Biomedical engineering education in Peru in 2015: A unique and innovative collaboration in Latin America

R. Rivas, Luis Vilcahuamán, M. Cieza, T. Clark, H. F. Voigt

Research output: Chapter in Book/Report/Conference proceedingConference contributionpeer-review

1 Scopus citations


The Peruvian health sector has a major shortcoming in Latin America because it does not have enough biomedical engineers (BMEs). This situation leads to negative impacts on the quality of a number of outcomes, including: health services, research, management, policies, regulation, etc. Health technology today is engaged in all the key processes: planning, operational, financial, that supports the health organizations. Despite Peruvian health professionals’ efforts the lack of an appropriate technological environment and sufficient numbers of BME professionals prevents a good understanding and/or management of the situation, thus affecting the decisions applied to key aspects involved in the sustainability, effectiveness and health disparities in the Peruvian health organizations, both public and private. In addition, the costs due to these inefficiencies jeopardize the governmental investment (public health sector) and the gains of the health enterprises, leading to ineffective, unsafe and inequitable patient care. BME is a discipline devoted to the use of engineering principles and techniques to the study of biological, physiological and medical processes at all length scales. It is a fast growing career in both developed and developing countries, and contributes to the scientific, economic and social development and welfare of society. Its roots are firmly embedded in applying the engineering perspective to health delivery systems and health technology management (clinical engineering). It has been exceptionally successful in applying computational modeling techniques to describe complex biological systems and providing context for experimental approaches to molecular, cellular, tissue and organ system processes. Recently, understanding of biological phenomena has been informing the design of new engineering materials and processes (biomimetic). Most Latin American countries have this specialization at the undergraduate level; model programs exist in Argentina, Brazil, Colombia and Mexico. Two leading Latin American private Peruvian universities, Pontificia Universidad Católica del Peru (PUCP) and Universidad Peruana Cayetano Heredia (UPCH) have agreed to create a joint world-class BME undergraduate program using the institutions’ strengths. Peruvian BME status is rising quickly. This academic project between PUCP-UPCH to develop the BME curriculum is a valuable and exciting collaboration. We report here the current situation in Peru with respect to the rise of BME.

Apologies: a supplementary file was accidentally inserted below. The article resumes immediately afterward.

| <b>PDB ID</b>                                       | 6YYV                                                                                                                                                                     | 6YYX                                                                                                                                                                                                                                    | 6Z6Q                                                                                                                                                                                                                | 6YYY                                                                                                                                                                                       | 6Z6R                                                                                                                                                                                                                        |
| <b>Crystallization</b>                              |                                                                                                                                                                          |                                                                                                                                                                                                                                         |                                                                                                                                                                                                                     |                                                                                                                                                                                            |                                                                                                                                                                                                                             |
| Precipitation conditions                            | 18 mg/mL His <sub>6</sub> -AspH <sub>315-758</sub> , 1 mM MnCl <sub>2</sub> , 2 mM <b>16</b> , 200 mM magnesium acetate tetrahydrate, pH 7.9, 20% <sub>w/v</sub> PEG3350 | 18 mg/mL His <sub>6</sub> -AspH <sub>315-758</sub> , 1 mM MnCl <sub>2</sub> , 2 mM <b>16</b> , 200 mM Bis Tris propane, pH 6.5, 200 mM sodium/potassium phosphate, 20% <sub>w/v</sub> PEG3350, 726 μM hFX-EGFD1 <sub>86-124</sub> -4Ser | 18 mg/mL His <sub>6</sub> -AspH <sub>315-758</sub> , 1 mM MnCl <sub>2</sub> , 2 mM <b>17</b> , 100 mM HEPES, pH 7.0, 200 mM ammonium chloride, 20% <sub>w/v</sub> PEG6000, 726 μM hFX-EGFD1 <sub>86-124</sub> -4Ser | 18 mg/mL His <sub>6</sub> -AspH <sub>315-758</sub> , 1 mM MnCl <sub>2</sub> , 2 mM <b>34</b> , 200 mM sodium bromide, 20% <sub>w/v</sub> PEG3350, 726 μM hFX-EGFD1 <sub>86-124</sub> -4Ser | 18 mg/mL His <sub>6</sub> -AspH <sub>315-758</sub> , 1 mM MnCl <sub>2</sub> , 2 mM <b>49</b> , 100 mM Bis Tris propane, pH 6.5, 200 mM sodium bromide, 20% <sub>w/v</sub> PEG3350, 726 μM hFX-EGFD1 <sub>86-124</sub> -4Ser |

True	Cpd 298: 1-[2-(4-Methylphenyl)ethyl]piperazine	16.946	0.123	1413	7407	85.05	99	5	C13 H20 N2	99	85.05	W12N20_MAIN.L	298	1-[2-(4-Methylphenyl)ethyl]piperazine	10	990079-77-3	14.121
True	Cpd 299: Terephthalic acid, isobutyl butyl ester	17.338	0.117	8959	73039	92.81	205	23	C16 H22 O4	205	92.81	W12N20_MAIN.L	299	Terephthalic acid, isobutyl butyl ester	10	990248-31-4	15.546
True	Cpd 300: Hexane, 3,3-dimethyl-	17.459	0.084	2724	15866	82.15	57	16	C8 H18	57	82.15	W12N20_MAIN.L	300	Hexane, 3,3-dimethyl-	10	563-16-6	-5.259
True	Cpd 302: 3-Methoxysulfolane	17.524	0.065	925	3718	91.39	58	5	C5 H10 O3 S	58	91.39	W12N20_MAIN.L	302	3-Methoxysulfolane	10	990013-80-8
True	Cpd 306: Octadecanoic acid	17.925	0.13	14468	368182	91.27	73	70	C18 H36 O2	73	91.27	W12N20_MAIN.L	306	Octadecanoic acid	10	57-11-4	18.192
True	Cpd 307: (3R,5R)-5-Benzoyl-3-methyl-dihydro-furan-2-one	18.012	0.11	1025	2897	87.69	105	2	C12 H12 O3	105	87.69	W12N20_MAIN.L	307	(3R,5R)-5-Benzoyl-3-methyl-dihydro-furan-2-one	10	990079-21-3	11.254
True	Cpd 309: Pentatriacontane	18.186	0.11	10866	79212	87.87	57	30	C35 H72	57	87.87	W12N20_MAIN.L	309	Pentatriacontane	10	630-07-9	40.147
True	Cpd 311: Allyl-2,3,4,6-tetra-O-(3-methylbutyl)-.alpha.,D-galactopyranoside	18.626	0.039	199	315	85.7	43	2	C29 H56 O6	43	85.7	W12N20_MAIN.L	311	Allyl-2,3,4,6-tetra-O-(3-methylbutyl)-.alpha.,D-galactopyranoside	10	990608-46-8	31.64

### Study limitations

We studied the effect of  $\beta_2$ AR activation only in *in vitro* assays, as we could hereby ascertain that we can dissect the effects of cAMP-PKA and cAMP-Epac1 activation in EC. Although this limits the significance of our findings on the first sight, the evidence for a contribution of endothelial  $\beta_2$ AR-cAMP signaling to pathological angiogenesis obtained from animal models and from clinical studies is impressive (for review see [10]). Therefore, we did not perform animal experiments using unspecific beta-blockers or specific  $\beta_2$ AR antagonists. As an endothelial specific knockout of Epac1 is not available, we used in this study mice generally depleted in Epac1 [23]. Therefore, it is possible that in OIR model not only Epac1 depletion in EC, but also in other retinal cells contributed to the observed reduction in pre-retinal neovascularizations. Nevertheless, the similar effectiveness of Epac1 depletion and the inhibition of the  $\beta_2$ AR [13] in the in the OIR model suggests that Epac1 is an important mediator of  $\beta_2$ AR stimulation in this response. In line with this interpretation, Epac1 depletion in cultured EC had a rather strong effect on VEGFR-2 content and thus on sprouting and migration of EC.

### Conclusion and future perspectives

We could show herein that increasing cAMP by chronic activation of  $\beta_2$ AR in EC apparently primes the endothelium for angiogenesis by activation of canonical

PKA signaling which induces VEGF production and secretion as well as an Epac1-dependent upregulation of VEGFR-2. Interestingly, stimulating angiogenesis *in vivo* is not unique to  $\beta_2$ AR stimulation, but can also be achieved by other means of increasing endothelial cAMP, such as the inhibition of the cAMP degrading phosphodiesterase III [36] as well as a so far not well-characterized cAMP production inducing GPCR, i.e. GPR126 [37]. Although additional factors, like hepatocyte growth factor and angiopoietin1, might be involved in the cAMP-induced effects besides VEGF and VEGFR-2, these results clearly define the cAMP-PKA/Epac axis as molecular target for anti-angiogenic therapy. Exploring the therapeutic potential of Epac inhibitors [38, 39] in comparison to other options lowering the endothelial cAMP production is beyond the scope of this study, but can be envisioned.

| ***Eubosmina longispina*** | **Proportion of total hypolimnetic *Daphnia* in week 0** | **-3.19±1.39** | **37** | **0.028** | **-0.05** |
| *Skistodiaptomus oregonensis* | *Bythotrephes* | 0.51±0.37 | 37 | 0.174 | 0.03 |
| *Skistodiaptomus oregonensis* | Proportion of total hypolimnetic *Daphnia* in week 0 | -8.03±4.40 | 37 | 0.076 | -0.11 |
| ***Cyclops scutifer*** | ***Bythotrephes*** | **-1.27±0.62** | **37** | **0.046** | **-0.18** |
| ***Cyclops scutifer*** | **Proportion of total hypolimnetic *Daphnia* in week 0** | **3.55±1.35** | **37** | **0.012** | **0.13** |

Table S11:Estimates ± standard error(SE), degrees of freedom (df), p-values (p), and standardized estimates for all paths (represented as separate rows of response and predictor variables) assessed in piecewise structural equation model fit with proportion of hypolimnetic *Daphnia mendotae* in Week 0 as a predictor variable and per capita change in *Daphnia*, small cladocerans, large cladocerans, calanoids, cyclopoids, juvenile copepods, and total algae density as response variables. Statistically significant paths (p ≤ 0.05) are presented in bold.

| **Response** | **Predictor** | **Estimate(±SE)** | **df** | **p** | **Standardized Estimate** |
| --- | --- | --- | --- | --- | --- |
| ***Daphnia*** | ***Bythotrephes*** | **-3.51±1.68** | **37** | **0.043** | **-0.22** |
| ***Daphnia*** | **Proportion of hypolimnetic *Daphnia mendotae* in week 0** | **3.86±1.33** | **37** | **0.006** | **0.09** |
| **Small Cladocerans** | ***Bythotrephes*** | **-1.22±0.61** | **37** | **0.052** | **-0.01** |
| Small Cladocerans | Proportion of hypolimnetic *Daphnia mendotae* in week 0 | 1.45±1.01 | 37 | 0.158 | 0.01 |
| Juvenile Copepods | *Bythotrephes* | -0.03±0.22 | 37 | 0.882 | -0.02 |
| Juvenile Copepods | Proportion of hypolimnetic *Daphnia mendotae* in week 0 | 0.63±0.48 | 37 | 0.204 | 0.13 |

Original languageSpanish
Title of host publicationIFMBE Proceedings
Number of pages4
StatePublished - 1 Jan 2015

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